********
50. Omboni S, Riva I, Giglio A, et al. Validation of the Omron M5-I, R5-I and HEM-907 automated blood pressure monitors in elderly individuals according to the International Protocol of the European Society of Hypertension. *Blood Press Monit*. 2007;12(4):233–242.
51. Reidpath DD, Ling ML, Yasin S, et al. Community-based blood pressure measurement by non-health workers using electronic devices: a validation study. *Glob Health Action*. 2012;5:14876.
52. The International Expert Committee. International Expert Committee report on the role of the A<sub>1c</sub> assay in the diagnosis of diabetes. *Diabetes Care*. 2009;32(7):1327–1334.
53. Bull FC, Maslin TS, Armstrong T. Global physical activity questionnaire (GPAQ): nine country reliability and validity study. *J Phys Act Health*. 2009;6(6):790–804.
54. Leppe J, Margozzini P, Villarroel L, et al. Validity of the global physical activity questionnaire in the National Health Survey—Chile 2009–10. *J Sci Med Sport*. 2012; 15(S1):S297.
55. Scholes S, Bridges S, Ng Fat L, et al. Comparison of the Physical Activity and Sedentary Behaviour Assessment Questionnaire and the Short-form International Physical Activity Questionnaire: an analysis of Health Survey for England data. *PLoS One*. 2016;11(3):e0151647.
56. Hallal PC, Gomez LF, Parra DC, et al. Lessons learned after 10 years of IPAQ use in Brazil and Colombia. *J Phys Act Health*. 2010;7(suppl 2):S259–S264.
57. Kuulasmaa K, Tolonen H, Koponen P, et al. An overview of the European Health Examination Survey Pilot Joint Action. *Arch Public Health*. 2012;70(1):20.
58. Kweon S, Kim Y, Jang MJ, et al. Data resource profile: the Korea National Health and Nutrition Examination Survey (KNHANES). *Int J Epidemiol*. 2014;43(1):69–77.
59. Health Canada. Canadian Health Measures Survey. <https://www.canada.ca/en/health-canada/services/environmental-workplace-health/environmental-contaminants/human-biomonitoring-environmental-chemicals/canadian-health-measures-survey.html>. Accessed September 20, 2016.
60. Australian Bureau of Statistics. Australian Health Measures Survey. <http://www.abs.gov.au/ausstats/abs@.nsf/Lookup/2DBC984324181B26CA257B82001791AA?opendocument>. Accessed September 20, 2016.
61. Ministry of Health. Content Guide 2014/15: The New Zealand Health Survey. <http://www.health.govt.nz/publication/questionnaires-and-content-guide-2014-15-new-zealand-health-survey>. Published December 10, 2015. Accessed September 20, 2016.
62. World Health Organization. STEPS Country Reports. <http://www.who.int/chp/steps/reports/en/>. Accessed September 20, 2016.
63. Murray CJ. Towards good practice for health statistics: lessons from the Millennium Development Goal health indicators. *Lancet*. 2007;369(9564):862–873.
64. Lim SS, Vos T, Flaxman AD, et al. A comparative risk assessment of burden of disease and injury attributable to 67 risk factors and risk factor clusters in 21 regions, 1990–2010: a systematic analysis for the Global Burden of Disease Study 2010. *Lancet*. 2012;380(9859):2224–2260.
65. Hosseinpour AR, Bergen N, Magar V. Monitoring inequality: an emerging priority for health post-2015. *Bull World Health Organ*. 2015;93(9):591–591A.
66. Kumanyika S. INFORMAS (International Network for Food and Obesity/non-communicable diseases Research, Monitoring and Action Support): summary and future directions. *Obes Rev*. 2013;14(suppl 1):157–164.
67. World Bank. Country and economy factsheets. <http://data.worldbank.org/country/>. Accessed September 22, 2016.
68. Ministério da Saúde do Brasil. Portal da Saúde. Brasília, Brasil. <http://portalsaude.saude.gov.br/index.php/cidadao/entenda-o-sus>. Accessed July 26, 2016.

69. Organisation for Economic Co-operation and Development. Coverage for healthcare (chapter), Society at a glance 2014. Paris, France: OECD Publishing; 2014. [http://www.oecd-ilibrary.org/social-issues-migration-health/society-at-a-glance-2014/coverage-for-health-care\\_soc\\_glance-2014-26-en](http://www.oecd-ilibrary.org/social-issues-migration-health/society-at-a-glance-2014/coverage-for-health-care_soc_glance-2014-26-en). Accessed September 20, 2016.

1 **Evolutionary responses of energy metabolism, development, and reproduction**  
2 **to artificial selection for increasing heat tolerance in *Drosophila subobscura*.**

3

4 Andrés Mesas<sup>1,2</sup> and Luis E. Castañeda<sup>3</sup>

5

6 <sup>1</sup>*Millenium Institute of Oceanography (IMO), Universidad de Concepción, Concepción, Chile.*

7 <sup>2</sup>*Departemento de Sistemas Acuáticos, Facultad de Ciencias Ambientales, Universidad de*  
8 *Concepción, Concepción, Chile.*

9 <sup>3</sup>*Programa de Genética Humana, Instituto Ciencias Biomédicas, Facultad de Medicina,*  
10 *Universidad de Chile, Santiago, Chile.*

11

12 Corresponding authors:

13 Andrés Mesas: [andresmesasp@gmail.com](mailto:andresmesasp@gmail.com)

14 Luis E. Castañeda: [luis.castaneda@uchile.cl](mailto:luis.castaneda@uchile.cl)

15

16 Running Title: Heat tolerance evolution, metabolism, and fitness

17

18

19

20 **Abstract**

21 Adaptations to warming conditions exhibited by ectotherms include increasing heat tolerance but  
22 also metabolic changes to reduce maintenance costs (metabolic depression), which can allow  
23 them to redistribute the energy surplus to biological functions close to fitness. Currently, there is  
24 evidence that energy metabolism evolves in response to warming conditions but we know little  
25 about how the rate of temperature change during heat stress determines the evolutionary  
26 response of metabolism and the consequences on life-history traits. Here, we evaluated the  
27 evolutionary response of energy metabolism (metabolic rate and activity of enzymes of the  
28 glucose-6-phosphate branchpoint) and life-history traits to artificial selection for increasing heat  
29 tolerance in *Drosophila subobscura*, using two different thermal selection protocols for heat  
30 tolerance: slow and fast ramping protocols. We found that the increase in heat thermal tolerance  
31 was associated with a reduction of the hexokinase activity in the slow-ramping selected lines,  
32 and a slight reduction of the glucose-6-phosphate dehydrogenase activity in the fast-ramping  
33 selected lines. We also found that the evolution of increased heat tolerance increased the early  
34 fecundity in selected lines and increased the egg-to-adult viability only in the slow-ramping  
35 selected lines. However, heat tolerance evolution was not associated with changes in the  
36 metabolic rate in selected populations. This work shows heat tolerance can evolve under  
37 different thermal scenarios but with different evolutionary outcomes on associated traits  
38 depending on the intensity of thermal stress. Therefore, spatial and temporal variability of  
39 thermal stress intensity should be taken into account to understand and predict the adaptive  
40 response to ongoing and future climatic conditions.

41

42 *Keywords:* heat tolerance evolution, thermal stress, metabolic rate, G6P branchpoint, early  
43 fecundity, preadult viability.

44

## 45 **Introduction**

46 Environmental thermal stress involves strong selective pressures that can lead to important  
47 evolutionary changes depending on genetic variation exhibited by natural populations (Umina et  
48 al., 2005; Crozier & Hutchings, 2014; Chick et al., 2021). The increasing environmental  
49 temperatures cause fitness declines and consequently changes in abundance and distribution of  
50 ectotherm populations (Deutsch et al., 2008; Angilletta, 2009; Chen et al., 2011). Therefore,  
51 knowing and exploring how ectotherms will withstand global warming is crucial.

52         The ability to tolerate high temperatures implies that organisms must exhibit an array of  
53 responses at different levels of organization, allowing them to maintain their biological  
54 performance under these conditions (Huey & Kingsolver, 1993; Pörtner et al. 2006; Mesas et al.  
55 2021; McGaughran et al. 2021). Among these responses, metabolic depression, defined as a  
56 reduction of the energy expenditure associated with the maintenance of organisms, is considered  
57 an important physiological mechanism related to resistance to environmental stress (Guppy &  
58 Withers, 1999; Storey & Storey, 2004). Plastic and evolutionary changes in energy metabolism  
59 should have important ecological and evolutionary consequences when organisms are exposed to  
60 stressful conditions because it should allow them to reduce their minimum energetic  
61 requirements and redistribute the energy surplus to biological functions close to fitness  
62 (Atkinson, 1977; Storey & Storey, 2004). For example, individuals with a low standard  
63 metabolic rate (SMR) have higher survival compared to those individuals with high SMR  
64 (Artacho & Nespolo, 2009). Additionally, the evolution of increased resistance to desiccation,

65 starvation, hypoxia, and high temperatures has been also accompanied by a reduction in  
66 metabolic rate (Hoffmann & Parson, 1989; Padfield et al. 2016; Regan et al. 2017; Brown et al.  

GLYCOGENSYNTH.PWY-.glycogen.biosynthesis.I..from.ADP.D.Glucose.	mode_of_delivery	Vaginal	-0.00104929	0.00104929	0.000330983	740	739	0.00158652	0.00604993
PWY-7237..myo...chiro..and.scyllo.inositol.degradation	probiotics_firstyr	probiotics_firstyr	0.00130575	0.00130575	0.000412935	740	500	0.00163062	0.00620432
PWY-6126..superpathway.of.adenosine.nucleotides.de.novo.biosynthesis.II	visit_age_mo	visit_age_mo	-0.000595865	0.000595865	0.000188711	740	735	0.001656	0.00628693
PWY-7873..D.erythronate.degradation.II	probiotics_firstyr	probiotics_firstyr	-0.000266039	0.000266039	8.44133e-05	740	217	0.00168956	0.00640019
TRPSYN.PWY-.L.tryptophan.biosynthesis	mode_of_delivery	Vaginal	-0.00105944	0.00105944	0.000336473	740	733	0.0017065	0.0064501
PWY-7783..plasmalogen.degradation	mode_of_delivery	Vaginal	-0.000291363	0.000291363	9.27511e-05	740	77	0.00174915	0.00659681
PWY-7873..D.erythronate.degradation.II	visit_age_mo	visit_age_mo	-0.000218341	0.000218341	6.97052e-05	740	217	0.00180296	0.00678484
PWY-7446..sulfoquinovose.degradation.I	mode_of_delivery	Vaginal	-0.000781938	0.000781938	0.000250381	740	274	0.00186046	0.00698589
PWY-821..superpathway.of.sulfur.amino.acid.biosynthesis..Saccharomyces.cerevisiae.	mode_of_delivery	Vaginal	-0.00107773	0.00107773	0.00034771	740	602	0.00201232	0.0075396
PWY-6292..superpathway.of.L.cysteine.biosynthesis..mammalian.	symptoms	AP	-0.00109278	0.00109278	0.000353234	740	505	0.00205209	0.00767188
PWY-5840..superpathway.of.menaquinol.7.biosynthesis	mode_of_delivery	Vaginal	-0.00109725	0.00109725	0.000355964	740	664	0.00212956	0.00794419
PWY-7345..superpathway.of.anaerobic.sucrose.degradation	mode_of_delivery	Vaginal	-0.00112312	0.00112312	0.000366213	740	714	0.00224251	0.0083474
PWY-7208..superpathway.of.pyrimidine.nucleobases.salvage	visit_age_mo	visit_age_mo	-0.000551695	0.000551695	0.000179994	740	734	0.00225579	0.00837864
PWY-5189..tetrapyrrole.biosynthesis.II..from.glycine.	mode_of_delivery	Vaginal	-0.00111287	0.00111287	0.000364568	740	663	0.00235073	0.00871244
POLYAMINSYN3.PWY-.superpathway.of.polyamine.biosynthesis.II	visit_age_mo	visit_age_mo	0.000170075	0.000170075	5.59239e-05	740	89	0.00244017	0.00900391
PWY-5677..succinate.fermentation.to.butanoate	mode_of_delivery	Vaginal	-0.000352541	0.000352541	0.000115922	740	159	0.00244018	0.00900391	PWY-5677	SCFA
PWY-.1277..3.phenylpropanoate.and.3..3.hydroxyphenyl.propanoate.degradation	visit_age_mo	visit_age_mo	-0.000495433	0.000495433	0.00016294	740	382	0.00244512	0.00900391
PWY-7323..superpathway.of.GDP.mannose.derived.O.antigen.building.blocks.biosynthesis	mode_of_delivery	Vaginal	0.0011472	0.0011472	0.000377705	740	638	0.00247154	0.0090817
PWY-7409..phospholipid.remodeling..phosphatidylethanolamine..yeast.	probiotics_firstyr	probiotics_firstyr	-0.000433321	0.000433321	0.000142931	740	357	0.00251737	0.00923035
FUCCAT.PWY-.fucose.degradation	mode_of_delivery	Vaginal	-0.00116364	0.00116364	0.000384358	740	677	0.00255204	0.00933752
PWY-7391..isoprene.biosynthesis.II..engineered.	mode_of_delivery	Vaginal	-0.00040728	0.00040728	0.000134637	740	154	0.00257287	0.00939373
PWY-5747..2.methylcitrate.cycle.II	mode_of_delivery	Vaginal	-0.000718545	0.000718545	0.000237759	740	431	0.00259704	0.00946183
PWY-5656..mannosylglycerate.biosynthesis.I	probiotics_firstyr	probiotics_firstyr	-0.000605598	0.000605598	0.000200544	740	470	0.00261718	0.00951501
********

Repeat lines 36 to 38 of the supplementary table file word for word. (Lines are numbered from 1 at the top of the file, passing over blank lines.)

16 Running Title: Heat tolerance evolution, metabolism, and fitness

17

18